Belonging is about the past, present, and future of Canadian citizenship. Nineteen distinguished individuals, politicians, historians, political scientists, writers and legal scholars, Canadian by birth or by choice, discuss what it means to be a Canadian and how Canadian citizenship must evolve if it is to serve as a unifying ideal.
Several contributors deal with the quality of Canadian citizenship and the principle of distributive justice applied to all citizens. Others offer a "lament" for the Canadian nation, analysing and explaining why the vision of Canadian citizenship as an allegiance to the federation did not succeed in overcoming the varied loyalties pulling Canadians in different directions. Some authors celebrate this failure, arguing that maintaining dual alliance to the nation and province is more important.
The essays reflect a consensus that Canada and Canadians have failed to give their citizenship meaning. One explanation for this, offered by the editor William Kaplan, is that Canadians are private about their patriotism, even if it is deeply felt. If Canadian citizenship is to endure, that patriotism will have to be more strongly and publicly expressed.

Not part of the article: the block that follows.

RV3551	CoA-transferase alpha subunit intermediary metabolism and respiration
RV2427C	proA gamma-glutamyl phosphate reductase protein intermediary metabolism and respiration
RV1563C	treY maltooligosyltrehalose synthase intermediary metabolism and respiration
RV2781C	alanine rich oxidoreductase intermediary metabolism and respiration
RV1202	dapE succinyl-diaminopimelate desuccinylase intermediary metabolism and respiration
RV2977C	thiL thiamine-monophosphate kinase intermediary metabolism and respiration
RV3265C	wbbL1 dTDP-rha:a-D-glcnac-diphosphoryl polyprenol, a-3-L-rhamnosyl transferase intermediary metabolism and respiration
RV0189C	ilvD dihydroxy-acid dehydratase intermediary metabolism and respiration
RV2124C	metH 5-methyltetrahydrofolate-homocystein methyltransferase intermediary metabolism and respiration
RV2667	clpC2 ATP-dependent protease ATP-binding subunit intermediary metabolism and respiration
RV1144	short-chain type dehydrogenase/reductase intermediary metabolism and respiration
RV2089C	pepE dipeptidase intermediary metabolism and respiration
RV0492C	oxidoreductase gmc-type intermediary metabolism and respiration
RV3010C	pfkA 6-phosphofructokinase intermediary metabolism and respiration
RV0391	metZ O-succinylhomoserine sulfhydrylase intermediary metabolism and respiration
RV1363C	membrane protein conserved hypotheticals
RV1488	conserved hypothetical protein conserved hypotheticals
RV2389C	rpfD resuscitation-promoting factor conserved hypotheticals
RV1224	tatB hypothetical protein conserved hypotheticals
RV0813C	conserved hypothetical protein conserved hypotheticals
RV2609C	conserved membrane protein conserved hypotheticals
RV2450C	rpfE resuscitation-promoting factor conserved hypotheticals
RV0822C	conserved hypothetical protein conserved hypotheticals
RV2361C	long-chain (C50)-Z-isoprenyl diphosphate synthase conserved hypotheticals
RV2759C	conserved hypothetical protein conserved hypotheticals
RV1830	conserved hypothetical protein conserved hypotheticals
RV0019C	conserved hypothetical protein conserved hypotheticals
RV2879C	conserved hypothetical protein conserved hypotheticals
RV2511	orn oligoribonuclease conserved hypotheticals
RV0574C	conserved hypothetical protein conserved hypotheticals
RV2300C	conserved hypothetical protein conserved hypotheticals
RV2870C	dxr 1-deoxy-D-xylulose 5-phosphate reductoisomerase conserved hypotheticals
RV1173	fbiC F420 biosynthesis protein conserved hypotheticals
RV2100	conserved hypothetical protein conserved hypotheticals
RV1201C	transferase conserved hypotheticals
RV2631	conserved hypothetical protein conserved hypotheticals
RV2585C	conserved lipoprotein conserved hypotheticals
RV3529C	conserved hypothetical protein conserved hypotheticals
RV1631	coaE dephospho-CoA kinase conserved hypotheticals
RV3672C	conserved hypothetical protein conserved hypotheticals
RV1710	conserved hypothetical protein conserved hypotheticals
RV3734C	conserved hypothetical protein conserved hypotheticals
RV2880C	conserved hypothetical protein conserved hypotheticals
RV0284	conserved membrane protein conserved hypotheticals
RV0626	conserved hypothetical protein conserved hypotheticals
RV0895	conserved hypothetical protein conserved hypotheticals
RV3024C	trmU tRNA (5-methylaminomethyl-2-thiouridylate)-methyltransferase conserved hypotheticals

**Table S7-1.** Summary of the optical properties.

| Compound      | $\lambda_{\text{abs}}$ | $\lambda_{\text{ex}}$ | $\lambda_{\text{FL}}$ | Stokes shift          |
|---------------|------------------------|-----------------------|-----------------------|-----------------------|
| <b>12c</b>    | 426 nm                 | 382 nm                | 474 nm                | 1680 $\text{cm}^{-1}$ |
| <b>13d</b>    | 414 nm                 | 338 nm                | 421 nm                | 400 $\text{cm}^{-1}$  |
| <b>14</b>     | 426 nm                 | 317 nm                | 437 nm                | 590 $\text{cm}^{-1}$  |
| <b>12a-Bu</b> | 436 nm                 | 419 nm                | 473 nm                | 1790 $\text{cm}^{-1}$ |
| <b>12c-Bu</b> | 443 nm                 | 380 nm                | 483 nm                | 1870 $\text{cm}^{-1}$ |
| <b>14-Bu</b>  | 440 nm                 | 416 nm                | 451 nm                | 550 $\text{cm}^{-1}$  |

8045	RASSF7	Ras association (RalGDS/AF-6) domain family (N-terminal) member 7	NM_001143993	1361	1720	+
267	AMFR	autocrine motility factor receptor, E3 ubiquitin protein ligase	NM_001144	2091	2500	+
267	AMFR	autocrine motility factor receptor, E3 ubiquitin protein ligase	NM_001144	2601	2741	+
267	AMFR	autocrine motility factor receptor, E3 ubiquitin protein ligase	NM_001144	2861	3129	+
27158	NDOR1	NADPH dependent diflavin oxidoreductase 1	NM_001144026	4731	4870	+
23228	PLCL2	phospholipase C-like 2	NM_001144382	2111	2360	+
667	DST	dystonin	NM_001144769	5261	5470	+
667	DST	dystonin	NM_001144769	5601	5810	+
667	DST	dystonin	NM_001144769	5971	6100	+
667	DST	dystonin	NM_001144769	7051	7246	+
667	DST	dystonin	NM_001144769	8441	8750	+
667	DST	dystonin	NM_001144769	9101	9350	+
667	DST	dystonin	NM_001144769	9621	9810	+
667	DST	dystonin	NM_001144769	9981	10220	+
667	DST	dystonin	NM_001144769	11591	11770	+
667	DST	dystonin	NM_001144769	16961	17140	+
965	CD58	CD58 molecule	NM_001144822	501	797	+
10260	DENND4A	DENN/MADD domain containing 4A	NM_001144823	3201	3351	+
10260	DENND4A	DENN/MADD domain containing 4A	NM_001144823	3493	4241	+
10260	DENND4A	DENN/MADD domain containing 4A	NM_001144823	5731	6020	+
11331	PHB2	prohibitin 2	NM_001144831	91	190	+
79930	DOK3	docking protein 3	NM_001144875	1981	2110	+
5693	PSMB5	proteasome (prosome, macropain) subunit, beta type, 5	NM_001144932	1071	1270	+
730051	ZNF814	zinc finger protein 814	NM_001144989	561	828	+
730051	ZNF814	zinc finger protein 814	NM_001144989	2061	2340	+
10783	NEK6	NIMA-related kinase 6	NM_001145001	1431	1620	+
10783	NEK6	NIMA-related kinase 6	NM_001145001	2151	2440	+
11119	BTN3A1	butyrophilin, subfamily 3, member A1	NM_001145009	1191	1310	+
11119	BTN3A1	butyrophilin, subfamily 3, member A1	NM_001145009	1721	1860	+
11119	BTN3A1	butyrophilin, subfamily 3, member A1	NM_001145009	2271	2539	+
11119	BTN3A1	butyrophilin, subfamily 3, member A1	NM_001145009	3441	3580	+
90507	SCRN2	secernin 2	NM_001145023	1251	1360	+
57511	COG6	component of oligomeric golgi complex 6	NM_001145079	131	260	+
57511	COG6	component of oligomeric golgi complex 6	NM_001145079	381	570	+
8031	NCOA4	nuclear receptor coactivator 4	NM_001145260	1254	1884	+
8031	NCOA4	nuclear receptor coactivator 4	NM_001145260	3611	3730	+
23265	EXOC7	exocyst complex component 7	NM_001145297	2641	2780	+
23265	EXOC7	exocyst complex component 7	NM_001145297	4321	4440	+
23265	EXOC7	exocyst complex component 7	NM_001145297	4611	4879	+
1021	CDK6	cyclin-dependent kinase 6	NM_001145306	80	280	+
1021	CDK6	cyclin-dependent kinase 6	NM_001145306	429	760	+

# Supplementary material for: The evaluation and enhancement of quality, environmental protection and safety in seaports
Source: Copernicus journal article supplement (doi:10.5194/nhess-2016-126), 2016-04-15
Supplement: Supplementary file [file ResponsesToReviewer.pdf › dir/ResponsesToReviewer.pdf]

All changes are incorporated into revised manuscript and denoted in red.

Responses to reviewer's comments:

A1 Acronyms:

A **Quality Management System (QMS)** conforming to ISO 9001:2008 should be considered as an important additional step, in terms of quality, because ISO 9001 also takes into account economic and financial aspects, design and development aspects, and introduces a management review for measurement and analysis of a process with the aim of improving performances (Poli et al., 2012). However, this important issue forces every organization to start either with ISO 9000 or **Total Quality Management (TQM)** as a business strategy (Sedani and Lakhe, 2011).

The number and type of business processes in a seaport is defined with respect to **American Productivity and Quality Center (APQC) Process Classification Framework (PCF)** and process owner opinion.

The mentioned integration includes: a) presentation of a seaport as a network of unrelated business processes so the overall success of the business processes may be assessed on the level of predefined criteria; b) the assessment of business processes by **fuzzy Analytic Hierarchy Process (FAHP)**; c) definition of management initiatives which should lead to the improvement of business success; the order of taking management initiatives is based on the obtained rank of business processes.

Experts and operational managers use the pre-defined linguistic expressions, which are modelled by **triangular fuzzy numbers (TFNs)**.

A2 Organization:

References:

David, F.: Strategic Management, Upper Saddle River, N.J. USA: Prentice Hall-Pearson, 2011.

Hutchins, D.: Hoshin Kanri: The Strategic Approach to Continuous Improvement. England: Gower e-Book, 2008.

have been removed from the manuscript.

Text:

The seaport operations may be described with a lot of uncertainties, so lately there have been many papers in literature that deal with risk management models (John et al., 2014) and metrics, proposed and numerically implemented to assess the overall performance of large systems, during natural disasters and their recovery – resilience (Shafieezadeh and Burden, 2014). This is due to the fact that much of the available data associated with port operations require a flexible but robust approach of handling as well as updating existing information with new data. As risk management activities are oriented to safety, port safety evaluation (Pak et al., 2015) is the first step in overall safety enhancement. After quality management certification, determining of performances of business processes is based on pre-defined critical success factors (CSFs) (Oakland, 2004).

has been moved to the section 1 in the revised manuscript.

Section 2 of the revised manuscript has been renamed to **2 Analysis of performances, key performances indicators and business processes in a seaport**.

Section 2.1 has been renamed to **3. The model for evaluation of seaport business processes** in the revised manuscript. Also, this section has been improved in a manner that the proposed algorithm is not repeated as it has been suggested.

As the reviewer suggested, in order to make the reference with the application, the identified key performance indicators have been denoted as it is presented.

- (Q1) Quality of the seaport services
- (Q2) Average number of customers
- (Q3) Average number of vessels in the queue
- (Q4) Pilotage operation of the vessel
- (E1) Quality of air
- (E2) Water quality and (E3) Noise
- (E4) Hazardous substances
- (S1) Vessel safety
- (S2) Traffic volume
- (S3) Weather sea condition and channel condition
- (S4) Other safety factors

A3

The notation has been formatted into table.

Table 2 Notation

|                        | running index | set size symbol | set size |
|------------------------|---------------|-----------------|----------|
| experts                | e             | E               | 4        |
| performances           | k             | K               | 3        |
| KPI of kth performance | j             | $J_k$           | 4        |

Contributors to this volume are Daryl Bean, Neil Bissoondath, Robert Bothwell, Alan Cairns, Marc Cousineau, Robert Fulford, J.L. Granatstein, Darlene Johnston, William Kaplan, the late Paul Martin Sr, Rosella Melanson, Desmond Morton, Peter Neary, Maureen O'Neil, Robert J. Sharpe, Monique Simard, Glenda Simms, Daniel Turp, and Michael Walker. The essays by Simard and Turp are in French.